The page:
Extreme detail of Van de Moortel’s ‘Bomb Culture’ (2019)
Noise, forever fizzing at the edges of musical vocabulary, forms the topic of an essay I’ve written for Joris Van de Moortel‘s new artist’s book ‘A Dubious Pilgrimage‘, out now. Van de Moortel is an artist/musician who terms his performances ‘Messes’, riffing on the Catholic Mass but with messier sacraments that assail guitars, amplifiers and other unsuspecting instruments to the point of overload.
The essay is titled “Van de Moortel’s Goception in the Mess: Byways in the History of Noise’s Ongoing Transmutation into Music”, and this noise/music transmutation is viewed through the lens of the literary work of a Victorian chemist and would-be poet John Carrington Sellars titled ‘Chemistianity (Popular Knowledge of Chemistry)‘ (1873). The made-up word ‘goception’ is deployed by Sellars in that work to signify chemical reaction – a neologism precariously invented by him to achieve poetic flow.
With chemical reactions – or ‘goceptions’ – in mind, a longer blogpost over at the main Miraculous Agitations blog examines some instances where artists have used physical copies of The Wire magazine as raw ingredient in artworks. The Wire is a catalyst Joris Van de Moortel often uses in his creative work, most explicitly in his ‘A love affair with Excess’ series where distressed snippets of text from The Wire‘s ‘Excess All Areas’ special 2019 issue are squirrelled into mixed-media artworks. My ‘Bomb Culture’ history of musical explosions text was thereby transformed into an artwork infused with Van de Moortel’s own performative lore.
Strangely, a Wire magazine feature I’d written eight years previously was artfully collaged in Allen Fisher‘s concrete poetry book ‘SPUTTOR‘ (2014). But maybe this isn’t so strange given The Wire situating itself within experimental culture? The fact that I’m by no means a regular contributor to the magazine suggests this is just the tip of an iceberg, and that artistic, collage, poetic/concretic, decoupage and personalisation uses of The Wire are to be expected? An interesting topic to investigate…
Read more at the main Miraculous Agitations blog. Joris Van de Moortel’s ‘A Dubious Pilgrimage‘ is available now.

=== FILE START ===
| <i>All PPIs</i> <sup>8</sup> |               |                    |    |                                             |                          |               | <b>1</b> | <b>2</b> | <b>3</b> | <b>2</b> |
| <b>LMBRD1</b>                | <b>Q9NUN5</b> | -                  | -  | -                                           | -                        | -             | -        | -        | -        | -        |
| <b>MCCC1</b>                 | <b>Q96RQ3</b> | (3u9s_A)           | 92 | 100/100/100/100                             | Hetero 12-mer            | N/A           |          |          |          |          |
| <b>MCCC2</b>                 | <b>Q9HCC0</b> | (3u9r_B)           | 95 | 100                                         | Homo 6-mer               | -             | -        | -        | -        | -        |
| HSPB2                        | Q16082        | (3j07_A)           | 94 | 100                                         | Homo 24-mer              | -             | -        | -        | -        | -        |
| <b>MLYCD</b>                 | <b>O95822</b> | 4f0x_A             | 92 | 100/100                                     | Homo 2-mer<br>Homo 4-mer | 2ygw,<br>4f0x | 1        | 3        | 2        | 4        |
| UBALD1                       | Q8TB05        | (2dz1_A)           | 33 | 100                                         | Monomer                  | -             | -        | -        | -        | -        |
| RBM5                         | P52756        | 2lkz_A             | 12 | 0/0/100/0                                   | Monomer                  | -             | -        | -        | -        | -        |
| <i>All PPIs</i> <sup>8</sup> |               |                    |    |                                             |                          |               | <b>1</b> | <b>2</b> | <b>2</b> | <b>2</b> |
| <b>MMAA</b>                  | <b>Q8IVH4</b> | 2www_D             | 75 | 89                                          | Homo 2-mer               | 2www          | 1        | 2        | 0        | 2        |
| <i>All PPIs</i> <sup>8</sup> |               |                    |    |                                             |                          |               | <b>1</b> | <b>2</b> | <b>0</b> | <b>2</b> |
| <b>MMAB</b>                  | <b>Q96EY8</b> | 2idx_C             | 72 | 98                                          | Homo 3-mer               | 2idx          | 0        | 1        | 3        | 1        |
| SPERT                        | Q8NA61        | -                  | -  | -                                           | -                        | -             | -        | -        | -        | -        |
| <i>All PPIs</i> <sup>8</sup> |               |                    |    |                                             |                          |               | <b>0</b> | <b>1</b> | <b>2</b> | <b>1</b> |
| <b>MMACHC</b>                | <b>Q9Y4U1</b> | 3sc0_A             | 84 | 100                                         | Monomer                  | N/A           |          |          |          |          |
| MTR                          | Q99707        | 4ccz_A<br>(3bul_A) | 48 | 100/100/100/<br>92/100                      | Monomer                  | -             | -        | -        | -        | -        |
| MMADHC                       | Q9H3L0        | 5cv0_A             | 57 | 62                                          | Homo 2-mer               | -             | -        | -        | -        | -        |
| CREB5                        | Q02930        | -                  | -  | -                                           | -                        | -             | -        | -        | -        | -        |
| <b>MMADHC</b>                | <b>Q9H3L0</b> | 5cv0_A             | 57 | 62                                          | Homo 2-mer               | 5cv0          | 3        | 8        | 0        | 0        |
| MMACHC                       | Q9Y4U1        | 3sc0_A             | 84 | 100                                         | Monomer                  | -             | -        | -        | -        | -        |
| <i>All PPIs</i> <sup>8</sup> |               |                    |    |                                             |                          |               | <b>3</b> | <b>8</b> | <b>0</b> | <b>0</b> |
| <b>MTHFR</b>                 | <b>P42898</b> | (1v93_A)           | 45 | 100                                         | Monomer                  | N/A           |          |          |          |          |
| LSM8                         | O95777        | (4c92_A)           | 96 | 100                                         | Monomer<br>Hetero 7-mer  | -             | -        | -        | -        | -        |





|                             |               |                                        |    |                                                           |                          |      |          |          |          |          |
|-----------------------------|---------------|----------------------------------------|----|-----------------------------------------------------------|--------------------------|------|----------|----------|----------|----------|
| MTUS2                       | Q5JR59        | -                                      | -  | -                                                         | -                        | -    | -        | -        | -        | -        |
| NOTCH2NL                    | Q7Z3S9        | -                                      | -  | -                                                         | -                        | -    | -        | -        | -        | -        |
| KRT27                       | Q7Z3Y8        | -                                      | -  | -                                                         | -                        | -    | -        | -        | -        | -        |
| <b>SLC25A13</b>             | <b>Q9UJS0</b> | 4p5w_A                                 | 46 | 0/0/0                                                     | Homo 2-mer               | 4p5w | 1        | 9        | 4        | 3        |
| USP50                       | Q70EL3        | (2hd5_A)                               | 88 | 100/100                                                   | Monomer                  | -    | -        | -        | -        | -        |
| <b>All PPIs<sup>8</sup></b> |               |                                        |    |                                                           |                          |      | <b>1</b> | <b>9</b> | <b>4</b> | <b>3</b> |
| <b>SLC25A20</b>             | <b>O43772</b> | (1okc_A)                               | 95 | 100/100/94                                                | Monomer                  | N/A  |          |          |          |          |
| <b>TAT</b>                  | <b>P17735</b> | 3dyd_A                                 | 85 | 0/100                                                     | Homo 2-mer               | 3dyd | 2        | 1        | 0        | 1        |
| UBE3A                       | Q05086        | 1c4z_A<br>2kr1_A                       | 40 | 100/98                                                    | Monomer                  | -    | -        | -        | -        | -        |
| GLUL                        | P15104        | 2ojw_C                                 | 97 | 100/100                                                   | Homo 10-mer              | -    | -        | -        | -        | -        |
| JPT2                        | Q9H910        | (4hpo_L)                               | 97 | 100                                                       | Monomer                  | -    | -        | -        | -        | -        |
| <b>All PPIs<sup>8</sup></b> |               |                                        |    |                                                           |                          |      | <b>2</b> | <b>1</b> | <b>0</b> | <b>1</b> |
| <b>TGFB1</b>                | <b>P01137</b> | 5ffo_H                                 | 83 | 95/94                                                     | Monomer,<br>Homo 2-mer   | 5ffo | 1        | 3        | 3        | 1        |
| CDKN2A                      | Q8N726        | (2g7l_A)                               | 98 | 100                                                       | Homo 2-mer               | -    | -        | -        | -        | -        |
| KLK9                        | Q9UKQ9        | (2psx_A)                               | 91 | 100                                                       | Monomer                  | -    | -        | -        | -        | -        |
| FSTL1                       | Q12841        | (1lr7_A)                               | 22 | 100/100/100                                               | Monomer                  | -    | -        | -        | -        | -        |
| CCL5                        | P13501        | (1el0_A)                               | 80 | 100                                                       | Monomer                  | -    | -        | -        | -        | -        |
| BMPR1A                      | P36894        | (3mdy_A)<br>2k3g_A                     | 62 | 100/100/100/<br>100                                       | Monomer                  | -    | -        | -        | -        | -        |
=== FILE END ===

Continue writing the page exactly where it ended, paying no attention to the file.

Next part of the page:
A blogpost over at the main Miraculous Agitations blog introduces two very different projects I recently contributed to. One of these projects is titled Project Symbiosis, and, as it happens, the process of symbiosis forms the underlying theme of that blogpost (which is prefaced by a meditation on perceived ‘impossibilities’ pervading acts of promotion in my own recent wrigglings).
Project Symbiosis is a CD+booklet curated by Brighton-based audiovisual artist/author/filmmaker/circuit-constructor Ian Helliwell. It contains ten different interpretations of the same graphic score, including the original recording by the score’s composer, Malcolm Pointon. The exploratory score, Symbiosis, was published in Practical Electronics magazine in 1975 as an exercise in electronic music-making, intended to be realised on a ‘Minisonic’ synthesiser – its circuit also published by the magazine a year earlier. A supplementary booklet gives details on all the different versions (available via Public Information). I supplied a microtonal version of Symbiosis.
From the experimental to the (nominally) chart-bound: this year I was given the opportunity, to paraphrase David Cronenberg’s Videodrome, to patch myself back into the world’s mixing board of humanity by reworking a radio-friendly track about human relationships (whatever they are), entitled ‘Floundering’ by musician and sound artist Kalou aka Samuel Shelton Robinson. It appears on Kalou’s new album The Sculpture Garden, idealised as a cassette release (but also available as download). Kalou’s output ranges from postmodern experimental montage to quirky pop, zested with neurosis. The Sculpture Garden is Kalou’s most commercial release, and it rather obscures its creator’s deeper interests in offbeat sound engineering.
Ian Helliwell, and surprisingly, Kalou too, touched upon issues of visibility, audience engagement and ‘undergroundness’ on two separate broadcasts on Resonance FM last month, on William English’s Wavelength.